Shaaban was indicted in March on counts including conspiracy, acting as a foreign agent and violating sanctions. If convicted, he faces as many as 65 years in prison and more than $1.5 million in fines.

Shaaban, who represented himself during his trial with the help of two standby public defenders, repeated during his closing arguments his contention that the government has mistaken him for a now-dead identical twin. But Assistant U.S. Attorney reminded jurors that witnesses testified no such twin exists.
"We was triplets once!"
Shaaban was working as a truck driver and living near Indianapolis when he was arrested in March.
Posted by: Steve White || 01/25/2006 00:00 || Comments || Link || E-Mail|| [602 views] Top|| File under:

#1  Ah, yes. The "dead identical evil twin defense".
I think I saw that on "Matlock" once.
Posted by: tu3031 || 01/25/2006 13:36 Comments || Top||

#2  How did he know the names of the operatives?
Posted by: junkirony || 01/25/2006 22:49 Comments || Top||

Tribes and customs protect al-Qaeda in Bajaur
Early in the morning on January 12, suspected U.S. aircraft fired missiles at houses in the village of Damadola in the Bajaur Agency of Pakistan's Federally Administered Tribal Areas (FATA), killing 18 people. This was the first attack of its kind in this area (Frontierpost.com.pk, January 14).

What is the significance of Banjaur agency and its relation with the central government? What is the connection if any of Bajaur to the Al-Qaeda terrorists and why would one, of all places, look for Ayman al-Zawahiri, the number two man in the al-Qaeda hierarchy, in Bajaur? Who is Mawlawi Faqir Mohammad, who appeared briefly to eulogize the bombing victims, and then disappeared into thin air? What about Bajaur makes it so tempting for the terrorists to hide there?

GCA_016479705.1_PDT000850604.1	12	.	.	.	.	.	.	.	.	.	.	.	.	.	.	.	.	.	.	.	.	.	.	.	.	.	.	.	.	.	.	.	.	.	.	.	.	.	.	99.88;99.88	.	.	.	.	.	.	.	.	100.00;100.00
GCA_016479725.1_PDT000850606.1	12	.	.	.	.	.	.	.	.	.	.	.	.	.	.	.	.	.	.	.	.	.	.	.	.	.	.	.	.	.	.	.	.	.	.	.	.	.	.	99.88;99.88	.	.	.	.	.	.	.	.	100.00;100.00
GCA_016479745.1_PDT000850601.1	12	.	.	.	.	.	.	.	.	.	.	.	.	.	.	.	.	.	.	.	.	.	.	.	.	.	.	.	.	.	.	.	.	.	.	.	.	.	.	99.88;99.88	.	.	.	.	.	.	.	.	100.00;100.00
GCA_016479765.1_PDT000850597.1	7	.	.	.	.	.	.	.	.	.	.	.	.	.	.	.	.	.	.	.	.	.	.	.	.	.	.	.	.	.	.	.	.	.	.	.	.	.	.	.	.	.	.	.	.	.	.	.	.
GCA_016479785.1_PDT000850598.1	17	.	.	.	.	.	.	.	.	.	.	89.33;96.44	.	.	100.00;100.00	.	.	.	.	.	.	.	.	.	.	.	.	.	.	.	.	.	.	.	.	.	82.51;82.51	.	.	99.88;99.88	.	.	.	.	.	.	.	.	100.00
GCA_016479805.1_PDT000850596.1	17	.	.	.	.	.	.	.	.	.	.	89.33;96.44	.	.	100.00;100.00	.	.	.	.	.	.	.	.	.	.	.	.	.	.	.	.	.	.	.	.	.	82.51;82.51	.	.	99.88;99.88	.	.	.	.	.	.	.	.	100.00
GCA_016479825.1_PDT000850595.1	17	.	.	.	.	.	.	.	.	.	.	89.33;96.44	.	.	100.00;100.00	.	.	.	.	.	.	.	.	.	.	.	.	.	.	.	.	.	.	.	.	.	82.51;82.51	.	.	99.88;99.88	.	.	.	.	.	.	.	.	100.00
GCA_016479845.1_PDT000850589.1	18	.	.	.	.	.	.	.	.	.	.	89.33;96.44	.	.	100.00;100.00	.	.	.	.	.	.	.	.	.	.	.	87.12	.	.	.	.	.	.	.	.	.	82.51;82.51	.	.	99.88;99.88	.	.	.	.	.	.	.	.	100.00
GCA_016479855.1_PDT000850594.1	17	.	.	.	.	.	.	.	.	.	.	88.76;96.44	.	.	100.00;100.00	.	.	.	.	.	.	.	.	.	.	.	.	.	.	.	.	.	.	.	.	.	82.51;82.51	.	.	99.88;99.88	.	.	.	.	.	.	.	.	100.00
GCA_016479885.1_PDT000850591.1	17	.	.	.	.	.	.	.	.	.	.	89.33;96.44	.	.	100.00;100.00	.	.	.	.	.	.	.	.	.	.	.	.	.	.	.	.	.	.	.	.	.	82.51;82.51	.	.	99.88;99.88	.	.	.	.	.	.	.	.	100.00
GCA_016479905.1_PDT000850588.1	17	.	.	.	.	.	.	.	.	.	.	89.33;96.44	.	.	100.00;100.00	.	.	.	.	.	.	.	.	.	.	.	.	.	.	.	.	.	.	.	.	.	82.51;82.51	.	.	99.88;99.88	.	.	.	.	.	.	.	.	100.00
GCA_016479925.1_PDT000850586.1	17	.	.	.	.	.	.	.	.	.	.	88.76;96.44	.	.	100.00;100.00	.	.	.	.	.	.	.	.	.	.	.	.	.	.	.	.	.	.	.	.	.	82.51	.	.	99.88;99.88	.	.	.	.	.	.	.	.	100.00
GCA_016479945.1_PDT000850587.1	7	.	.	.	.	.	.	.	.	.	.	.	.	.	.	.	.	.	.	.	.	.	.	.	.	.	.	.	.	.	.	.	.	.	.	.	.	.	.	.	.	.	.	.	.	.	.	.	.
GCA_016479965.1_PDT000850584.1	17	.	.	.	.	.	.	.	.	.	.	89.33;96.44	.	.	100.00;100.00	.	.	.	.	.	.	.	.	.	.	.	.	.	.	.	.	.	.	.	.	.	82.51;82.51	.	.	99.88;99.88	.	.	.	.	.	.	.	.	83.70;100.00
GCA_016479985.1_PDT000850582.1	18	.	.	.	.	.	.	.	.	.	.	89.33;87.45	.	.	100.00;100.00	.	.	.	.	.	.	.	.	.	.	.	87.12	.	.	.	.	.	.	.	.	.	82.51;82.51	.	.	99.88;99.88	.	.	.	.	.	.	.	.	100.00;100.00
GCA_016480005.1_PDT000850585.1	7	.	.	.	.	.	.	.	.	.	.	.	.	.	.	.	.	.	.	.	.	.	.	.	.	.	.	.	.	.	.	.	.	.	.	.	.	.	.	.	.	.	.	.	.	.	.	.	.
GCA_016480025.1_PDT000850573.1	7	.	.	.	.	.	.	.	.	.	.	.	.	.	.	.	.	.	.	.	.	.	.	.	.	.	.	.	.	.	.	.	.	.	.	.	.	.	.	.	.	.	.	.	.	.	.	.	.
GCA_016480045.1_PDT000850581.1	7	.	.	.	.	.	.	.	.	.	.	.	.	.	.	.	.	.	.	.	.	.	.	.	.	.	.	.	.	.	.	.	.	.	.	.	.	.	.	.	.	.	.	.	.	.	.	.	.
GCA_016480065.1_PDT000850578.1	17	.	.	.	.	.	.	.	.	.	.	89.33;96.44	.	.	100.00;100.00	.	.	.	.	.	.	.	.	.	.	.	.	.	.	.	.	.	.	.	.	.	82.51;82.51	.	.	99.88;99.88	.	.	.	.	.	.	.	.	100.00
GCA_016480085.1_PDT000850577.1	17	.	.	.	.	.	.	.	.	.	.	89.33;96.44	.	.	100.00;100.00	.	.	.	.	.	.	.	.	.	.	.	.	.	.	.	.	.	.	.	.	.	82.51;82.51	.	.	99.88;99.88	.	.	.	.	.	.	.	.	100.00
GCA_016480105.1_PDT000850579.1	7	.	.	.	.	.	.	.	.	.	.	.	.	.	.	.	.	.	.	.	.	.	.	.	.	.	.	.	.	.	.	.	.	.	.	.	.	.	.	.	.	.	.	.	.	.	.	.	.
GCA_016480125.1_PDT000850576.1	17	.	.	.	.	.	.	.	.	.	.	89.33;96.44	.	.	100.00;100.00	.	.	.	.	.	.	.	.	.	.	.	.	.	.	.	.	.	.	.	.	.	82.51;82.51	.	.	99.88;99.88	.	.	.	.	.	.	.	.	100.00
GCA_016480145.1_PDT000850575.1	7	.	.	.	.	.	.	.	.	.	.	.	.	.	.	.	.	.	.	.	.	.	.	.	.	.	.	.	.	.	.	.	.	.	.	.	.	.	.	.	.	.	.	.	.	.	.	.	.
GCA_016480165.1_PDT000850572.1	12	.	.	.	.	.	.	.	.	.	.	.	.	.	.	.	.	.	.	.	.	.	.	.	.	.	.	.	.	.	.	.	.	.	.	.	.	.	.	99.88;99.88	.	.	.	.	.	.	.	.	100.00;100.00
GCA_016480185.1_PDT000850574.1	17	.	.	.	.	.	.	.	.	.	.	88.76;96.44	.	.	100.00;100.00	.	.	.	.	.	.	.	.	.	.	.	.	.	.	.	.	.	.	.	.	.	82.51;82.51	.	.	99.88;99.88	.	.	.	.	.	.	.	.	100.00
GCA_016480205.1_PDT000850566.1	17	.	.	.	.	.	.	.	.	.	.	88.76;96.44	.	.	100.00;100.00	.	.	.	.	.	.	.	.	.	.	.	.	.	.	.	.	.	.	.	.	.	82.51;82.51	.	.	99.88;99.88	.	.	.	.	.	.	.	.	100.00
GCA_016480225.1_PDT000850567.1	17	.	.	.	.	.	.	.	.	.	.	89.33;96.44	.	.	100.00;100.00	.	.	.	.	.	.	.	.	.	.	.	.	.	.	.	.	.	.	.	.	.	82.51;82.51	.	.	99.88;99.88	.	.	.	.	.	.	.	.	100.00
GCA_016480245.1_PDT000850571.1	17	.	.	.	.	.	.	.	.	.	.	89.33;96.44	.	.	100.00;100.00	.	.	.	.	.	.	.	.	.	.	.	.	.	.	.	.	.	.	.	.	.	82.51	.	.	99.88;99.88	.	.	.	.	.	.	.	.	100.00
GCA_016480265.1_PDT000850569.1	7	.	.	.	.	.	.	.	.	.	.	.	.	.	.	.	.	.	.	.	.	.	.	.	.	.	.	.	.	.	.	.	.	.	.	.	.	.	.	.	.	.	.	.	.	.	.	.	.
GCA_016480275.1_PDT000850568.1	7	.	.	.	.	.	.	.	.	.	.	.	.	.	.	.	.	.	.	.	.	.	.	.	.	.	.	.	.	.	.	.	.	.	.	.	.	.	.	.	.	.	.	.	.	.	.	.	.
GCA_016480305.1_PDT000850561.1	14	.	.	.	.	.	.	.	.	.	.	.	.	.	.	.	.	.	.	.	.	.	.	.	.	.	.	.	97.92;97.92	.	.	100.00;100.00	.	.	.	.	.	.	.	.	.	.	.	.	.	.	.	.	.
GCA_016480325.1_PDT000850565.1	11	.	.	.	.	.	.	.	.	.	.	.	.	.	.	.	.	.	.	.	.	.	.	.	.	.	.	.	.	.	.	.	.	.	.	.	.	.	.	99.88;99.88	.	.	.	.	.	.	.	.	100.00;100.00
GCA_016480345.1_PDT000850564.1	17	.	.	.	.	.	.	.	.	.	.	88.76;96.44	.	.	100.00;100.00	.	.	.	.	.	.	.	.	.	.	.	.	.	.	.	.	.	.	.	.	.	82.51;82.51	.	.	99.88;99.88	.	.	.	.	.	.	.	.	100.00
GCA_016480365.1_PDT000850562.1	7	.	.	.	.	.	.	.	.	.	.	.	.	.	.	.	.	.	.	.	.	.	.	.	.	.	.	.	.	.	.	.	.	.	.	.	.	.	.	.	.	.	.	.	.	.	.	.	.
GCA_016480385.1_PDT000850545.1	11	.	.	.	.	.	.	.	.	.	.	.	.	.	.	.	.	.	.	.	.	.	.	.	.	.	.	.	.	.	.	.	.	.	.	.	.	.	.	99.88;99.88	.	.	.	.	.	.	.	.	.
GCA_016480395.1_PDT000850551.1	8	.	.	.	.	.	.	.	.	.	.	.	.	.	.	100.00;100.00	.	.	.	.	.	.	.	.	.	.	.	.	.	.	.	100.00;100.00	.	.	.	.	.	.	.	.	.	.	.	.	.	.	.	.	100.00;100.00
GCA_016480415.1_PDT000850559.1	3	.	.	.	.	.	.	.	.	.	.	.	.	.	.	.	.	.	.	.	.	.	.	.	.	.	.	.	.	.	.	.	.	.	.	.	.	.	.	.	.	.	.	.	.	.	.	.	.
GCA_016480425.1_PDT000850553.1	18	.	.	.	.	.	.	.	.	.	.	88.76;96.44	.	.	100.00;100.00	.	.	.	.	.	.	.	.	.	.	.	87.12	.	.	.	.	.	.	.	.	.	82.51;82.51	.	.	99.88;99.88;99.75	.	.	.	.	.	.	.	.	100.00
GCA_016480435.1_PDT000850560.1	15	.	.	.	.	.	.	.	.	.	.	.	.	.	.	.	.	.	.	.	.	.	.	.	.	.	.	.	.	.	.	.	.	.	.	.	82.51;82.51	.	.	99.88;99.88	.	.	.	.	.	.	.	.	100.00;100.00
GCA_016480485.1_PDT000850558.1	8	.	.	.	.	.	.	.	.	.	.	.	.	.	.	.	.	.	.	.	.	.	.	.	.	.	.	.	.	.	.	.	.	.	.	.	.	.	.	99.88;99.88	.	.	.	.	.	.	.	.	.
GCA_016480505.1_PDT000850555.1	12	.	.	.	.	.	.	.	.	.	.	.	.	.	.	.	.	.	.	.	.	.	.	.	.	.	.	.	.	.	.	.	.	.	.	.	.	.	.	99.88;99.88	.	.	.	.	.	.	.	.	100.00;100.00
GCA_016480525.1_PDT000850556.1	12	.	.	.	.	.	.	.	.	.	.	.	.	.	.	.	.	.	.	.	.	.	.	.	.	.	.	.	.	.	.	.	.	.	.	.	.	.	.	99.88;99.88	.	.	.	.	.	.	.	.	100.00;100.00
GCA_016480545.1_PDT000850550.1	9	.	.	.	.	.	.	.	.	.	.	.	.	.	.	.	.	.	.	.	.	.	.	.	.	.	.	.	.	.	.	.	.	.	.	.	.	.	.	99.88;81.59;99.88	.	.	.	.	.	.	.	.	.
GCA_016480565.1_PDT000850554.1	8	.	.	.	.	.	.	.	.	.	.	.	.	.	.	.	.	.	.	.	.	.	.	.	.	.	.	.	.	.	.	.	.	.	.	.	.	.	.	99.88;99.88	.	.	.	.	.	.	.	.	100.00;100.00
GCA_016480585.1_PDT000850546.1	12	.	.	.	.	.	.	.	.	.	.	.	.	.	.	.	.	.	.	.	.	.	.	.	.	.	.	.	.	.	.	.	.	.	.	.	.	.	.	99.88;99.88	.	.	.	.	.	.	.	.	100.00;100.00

FATA, which roughly comprises the size of Florida, has a population of over three million, predominantly of Pashtun tribes. As some major tribes inhabit FATA, Pashtunwali, or the Pashtun tribal code, provides the foundation for the area's legal system.

This area of Pakistan has remained isolated for centuries. Afghan kings, the British Raj, Pakistani generals, the Soviets and American Green Berets have all tried unsuccessfully to assert control over these wild lands at one point or another. These loosely administered territories are not governed by boundaries or politicians, but by tribal elders and tribal loyalties. The British granted the tribal people maximum autonomy and allowed them to run their affairs in accordance with their Islamic faith, customs and traditions. This prickly borderland formally belongs to Pakistan, but has deep historical, cultural, and ethnic ties to Afghanistan (The News, March 14).

Of the seven FATA Agencies, North and South Waziristan and Bajaur play the most significant role in the war on terrorism because of the presence of local militant groups and their association with the top leaders of al-Qaeda. Bajaur has the added dimension of being the suspected host to several members of al-Qaeda's top leadership. Also notable is its proximity to the volatile province of Kunar in Afghanistan, one suspected hiding area of Osama bin Laden.

In May of last year, a prominent al-Qaeda leader, Abu Farraj al-Libbi was arrested in Mardan a town southeast of Bajaur. At one time, al-Libbi was also serving as bin Laden's secretary. When another key al-Qaeda leader Khalid Shaikh Mohammed, the mastermind of 9/11 attacks was arrested in March 2002, Libbi had replaced him as the terror network's number three leader.

Two days later, security forces arrested thirteen people including ten foreigners of having al-Qaeda links from Bajaur Agency. The foreigners included Uzbek and Afghan nationals. Al-Libby was at some point living under the protection of Malawi Faqir Mohammad (UPI, May 5, 2005).